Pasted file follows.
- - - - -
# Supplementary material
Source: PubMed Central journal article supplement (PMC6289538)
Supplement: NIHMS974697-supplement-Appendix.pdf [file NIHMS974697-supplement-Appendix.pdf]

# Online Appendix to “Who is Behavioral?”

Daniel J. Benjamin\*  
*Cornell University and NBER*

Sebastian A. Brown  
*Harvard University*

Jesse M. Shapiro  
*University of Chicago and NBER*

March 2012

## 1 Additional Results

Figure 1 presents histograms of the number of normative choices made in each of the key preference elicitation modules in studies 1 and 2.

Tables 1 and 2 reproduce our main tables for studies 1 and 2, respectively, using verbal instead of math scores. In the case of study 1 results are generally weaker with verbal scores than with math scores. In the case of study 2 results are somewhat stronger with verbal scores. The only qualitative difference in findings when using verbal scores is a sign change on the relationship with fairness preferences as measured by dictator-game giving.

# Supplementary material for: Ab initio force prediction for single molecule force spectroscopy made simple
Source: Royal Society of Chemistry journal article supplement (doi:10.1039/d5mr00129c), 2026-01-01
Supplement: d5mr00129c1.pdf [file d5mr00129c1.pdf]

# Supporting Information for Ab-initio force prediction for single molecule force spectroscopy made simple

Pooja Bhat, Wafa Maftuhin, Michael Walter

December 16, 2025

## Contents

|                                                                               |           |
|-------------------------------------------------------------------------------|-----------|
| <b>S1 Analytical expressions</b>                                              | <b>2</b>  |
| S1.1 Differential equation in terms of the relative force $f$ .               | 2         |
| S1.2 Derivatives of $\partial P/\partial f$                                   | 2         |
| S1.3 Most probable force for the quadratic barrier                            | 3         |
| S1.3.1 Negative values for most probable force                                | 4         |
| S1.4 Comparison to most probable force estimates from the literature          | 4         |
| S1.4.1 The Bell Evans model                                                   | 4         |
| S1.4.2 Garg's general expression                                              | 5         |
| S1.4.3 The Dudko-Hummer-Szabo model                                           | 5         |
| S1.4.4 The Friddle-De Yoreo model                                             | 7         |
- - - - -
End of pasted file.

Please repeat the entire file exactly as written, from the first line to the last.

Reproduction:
# Supplementary material
Source: PubMed Central journal article supplement (PMC6289538)
Supplement: NIHMS974697-supplement-Appendix.pdf [file NIHMS974697-supplement-Appendix.pdf]

# Online Appendix to “Who is Behavioral?”

Daniel J. Benjamin\*  
*Cornell University and NBER*

Sebastian A. Brown  
*Harvard University*

Jesse M. Shapiro  
*University of Chicago and NBER*

March 2012

## 1 Additional Results

Figure 1 presents histograms of the number of normative choices made in each of the key preference elicitation modules in studies 1 and 2.

Tables 1 and 2 reproduce our main tables for studies 1 and 2, respectively, using verbal instead of math scores. In the case of study 1 results are generally weaker with verbal scores than with math scores. In the case of study 2 results are somewhat stronger with verbal scores. The only qualitative difference in findings when using verbal scores is a sign change on the relationship with fairness preferences as measured by dictator-game giving.

# Supplementary material for: Ab initio force prediction for single molecule force spectroscopy made simple
Source: Royal Society of Chemistry journal article supplement (doi:10.1039/d5mr00129c), 2026-01-01
Supplement: d5mr00129c1.pdf [file d5mr00129c1.pdf]

# Supporting Information for Ab-initio force prediction for single molecule force spectroscopy made simple

Pooja Bhat, Wafa Maftuhin, Michael Walter

December 16, 2025

## Contents

|                                                                               |           |
|-------------------------------------------------------------------------------|-----------|
| <b>S1 Analytical expressions</b>                                              | <b>2</b>  |
| S1.1 Differential equation in terms of the relative force $f$ .               | 2         |
| S1.2 Derivatives of $\partial P/\partial f$                                   | 2         |
| S1.3 Most probable force for the quadratic barrier                            | 3         |
| S1.3.1 Negative values for most probable force                                | 4         |
| S1.4 Comparison to most probable force estimates from the literature          | 4         |
| S1.4.1 The Bell Evans model                                                   | 4         |
| S1.4.2 Garg's general expression                                              | 5         |
| S1.4.3 The Dudko-Hummer-Szabo model                                           | 5         |
| S1.4.4 The Friddle-De Yoreo model                                             | 7         |